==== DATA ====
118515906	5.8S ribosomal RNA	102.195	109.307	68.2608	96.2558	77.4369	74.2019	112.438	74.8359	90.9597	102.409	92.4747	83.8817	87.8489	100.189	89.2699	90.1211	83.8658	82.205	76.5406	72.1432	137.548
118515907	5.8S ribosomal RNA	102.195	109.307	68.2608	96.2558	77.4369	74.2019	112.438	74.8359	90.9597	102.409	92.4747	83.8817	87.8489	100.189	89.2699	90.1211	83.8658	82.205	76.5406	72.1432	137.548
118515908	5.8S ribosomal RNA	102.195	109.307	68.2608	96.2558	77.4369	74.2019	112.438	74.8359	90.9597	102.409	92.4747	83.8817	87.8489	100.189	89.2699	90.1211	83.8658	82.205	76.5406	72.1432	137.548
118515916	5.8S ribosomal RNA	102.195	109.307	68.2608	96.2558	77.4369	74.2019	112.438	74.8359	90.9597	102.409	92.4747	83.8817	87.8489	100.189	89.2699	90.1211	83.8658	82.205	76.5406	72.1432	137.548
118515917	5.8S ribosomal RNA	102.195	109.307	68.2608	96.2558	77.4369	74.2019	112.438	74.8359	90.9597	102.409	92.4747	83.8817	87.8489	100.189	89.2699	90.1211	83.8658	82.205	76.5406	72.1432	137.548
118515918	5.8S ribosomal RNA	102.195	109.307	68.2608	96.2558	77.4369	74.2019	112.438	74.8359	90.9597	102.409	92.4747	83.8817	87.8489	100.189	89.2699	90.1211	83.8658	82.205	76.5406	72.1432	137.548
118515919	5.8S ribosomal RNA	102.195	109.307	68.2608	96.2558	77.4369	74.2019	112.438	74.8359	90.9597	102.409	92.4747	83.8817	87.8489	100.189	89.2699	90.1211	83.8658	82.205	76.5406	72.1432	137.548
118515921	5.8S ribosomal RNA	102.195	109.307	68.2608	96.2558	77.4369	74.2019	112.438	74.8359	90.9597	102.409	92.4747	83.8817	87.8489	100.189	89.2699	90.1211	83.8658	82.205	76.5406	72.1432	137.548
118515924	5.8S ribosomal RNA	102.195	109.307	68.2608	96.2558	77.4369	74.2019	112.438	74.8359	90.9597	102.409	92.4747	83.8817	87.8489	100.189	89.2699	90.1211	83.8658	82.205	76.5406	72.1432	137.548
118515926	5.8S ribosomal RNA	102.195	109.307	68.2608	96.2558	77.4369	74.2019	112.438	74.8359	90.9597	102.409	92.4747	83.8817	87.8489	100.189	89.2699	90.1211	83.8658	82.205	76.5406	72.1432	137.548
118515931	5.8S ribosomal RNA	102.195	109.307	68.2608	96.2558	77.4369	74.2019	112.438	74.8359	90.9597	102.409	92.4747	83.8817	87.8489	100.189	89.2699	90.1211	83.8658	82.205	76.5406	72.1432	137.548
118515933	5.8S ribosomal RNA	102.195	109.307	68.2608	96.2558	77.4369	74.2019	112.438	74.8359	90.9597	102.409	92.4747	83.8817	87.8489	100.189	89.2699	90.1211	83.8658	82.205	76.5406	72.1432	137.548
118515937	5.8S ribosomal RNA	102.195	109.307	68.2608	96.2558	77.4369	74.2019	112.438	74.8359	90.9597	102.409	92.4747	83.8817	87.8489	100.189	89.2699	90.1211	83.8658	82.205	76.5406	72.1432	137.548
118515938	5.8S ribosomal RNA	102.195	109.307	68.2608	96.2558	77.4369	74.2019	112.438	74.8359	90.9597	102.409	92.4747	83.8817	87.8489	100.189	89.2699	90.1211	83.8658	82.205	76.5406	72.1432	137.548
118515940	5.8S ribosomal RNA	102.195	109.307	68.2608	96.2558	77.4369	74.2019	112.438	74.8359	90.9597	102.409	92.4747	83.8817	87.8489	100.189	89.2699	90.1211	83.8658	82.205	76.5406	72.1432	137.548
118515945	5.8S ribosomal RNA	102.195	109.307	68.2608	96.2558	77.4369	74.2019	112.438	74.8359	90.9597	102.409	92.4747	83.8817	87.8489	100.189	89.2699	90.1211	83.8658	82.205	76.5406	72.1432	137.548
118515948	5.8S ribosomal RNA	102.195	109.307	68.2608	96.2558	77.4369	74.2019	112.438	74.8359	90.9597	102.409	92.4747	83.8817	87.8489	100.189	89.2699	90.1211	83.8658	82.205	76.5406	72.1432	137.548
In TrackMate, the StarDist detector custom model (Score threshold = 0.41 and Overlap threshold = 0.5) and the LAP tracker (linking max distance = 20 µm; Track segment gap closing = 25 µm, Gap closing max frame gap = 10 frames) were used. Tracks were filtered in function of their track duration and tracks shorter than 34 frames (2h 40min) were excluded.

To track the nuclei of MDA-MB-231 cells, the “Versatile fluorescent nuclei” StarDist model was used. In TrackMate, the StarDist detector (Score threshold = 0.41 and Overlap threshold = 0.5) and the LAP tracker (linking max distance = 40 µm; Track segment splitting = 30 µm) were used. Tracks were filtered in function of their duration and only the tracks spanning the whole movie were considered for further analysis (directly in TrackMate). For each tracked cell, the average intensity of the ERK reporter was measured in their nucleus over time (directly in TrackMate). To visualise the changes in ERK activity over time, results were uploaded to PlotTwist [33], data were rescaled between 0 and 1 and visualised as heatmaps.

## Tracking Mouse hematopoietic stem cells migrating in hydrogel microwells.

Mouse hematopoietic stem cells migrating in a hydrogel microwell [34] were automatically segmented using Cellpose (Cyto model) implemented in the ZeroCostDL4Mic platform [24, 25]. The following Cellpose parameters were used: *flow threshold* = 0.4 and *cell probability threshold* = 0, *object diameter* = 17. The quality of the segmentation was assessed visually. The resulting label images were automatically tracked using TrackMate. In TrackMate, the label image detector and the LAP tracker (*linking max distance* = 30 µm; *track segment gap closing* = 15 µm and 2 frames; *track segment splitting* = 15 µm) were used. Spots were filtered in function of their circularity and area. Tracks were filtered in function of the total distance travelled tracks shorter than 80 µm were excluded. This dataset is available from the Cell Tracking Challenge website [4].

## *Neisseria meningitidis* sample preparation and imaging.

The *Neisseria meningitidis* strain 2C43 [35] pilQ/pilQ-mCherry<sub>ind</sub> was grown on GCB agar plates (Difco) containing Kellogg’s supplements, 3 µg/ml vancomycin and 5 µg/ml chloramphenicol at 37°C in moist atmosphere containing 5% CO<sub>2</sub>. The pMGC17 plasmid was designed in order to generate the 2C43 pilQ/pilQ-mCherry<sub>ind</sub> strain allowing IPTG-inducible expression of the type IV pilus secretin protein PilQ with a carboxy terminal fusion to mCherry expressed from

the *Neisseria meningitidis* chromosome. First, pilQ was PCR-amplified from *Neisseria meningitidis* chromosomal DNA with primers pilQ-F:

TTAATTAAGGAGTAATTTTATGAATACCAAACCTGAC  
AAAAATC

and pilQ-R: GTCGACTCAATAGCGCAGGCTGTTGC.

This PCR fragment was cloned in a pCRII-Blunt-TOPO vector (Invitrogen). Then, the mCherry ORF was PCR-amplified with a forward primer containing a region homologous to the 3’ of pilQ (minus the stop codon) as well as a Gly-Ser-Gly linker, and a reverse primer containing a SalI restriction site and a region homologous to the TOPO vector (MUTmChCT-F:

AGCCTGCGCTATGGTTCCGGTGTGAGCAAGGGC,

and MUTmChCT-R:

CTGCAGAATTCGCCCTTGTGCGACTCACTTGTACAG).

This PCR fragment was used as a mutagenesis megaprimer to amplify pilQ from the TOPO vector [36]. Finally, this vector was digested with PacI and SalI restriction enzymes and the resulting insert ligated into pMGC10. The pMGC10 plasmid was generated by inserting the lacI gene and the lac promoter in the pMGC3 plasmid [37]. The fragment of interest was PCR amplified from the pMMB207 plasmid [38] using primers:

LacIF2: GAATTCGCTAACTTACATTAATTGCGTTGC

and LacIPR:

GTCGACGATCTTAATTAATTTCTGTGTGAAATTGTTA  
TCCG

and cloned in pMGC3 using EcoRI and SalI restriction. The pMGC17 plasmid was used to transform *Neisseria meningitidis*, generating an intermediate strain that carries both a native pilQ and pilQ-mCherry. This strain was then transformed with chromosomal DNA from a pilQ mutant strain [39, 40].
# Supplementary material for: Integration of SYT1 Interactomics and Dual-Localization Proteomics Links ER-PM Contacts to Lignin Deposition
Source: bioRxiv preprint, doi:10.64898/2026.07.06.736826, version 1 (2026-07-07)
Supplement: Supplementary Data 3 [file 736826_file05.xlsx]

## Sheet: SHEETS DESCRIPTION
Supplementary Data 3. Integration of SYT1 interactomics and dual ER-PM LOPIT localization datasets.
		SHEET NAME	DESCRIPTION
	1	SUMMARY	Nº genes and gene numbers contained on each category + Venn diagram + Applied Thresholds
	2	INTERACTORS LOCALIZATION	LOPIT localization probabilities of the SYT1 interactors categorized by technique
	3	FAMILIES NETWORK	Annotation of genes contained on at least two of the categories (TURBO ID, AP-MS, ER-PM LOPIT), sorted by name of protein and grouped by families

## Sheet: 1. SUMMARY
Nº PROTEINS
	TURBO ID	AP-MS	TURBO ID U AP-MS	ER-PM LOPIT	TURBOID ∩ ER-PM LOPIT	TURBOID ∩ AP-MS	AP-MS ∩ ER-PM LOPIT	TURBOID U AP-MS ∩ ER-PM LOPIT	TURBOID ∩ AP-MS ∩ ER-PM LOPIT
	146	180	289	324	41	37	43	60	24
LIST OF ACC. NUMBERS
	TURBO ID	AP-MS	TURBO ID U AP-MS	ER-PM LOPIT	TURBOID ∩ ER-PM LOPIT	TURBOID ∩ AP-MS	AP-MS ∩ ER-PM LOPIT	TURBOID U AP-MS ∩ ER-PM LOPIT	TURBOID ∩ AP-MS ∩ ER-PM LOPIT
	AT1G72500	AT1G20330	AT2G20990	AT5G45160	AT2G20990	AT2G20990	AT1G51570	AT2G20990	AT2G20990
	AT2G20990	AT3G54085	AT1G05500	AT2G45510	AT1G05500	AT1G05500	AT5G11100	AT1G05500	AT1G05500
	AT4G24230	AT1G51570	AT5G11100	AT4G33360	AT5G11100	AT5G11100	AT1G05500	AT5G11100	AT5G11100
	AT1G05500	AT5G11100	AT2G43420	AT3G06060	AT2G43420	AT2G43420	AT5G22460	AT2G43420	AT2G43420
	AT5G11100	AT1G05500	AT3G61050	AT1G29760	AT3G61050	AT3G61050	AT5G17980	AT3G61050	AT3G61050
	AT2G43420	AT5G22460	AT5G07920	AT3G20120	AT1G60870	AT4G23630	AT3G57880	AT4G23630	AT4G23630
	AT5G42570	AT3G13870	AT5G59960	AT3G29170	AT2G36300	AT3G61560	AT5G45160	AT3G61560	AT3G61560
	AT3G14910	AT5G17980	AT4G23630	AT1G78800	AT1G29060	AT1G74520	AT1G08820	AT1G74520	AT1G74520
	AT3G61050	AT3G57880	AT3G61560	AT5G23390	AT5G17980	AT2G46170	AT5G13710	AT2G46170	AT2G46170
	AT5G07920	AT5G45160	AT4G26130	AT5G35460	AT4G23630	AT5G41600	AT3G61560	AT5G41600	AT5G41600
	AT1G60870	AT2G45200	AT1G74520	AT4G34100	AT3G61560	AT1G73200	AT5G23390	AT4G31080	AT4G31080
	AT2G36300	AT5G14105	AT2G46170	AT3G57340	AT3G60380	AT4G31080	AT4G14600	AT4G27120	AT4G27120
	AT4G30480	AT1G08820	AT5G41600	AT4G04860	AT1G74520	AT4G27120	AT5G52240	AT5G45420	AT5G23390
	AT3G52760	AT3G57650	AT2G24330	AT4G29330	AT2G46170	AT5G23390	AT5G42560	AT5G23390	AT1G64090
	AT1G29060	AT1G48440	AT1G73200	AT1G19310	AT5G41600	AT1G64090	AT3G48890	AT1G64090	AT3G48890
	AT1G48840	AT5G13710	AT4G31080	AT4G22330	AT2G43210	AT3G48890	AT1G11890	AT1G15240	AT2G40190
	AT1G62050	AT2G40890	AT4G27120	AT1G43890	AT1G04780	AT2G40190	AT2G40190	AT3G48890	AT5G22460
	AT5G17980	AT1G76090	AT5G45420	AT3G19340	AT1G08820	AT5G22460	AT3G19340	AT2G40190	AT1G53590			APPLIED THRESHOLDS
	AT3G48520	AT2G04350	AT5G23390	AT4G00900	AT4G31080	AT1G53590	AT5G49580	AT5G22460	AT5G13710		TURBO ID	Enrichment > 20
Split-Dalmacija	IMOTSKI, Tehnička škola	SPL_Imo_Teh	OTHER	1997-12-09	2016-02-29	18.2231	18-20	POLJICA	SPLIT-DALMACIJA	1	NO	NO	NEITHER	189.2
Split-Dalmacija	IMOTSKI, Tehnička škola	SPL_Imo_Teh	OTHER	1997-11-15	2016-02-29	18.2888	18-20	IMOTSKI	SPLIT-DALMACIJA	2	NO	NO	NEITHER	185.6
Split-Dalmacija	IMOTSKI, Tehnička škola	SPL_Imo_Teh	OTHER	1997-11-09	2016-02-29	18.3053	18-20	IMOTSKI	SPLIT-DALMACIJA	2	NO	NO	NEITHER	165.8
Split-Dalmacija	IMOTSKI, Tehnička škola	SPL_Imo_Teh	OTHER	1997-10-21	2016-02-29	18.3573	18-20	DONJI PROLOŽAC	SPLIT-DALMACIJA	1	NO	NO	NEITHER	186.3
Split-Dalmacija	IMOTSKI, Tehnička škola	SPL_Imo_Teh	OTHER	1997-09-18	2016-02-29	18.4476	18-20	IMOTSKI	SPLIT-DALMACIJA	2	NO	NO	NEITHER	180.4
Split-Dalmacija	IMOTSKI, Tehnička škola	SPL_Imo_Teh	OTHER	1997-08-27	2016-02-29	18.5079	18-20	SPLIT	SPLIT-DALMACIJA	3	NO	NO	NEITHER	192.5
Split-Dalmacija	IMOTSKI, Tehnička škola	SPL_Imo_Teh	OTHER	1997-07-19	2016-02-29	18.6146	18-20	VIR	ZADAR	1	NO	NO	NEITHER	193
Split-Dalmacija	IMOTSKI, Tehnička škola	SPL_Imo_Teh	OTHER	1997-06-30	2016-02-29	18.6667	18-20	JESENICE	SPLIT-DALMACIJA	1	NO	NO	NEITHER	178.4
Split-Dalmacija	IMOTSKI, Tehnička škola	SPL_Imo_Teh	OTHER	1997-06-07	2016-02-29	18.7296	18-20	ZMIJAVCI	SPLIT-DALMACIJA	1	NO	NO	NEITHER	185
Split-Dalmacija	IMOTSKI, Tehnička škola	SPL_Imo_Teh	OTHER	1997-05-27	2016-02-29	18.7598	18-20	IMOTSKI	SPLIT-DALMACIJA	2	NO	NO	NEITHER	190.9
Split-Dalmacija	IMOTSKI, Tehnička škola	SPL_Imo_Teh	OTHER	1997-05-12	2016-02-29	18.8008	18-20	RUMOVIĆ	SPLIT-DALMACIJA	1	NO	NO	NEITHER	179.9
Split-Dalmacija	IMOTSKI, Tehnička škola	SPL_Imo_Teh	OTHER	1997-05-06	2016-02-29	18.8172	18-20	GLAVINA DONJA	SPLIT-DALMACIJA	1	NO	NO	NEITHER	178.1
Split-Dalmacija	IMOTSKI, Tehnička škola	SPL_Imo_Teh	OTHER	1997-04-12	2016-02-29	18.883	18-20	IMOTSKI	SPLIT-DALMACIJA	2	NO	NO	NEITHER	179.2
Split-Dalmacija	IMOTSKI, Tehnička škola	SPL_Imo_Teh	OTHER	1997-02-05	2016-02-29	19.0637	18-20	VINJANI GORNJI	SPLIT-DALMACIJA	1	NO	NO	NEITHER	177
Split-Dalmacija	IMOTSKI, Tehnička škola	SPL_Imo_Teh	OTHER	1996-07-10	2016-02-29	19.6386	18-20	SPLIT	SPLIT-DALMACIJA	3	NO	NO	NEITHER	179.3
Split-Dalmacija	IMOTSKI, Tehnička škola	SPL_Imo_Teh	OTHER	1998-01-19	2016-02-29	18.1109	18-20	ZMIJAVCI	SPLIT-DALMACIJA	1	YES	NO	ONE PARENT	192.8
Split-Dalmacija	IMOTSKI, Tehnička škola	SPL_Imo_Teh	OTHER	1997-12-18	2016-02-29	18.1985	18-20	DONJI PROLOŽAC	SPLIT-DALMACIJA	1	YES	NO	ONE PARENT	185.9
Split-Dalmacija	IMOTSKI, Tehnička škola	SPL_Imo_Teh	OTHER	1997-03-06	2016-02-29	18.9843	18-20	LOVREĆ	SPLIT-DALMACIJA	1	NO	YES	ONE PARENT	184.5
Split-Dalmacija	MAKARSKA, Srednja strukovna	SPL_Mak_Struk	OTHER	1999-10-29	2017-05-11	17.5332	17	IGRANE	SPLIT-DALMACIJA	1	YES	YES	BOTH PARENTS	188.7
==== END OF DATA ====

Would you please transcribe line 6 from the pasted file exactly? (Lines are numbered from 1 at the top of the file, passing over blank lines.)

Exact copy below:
118515918	5.8S ribosomal RNA	102.195	109.307	68.2608	96.2558	77.4369	74.2019	112.438	74.8359	90.9597	102.409	92.4747	83.8817	87.8489	100.189	89.2699	90.1211	83.8658	82.205	76.5406	72.1432	137.548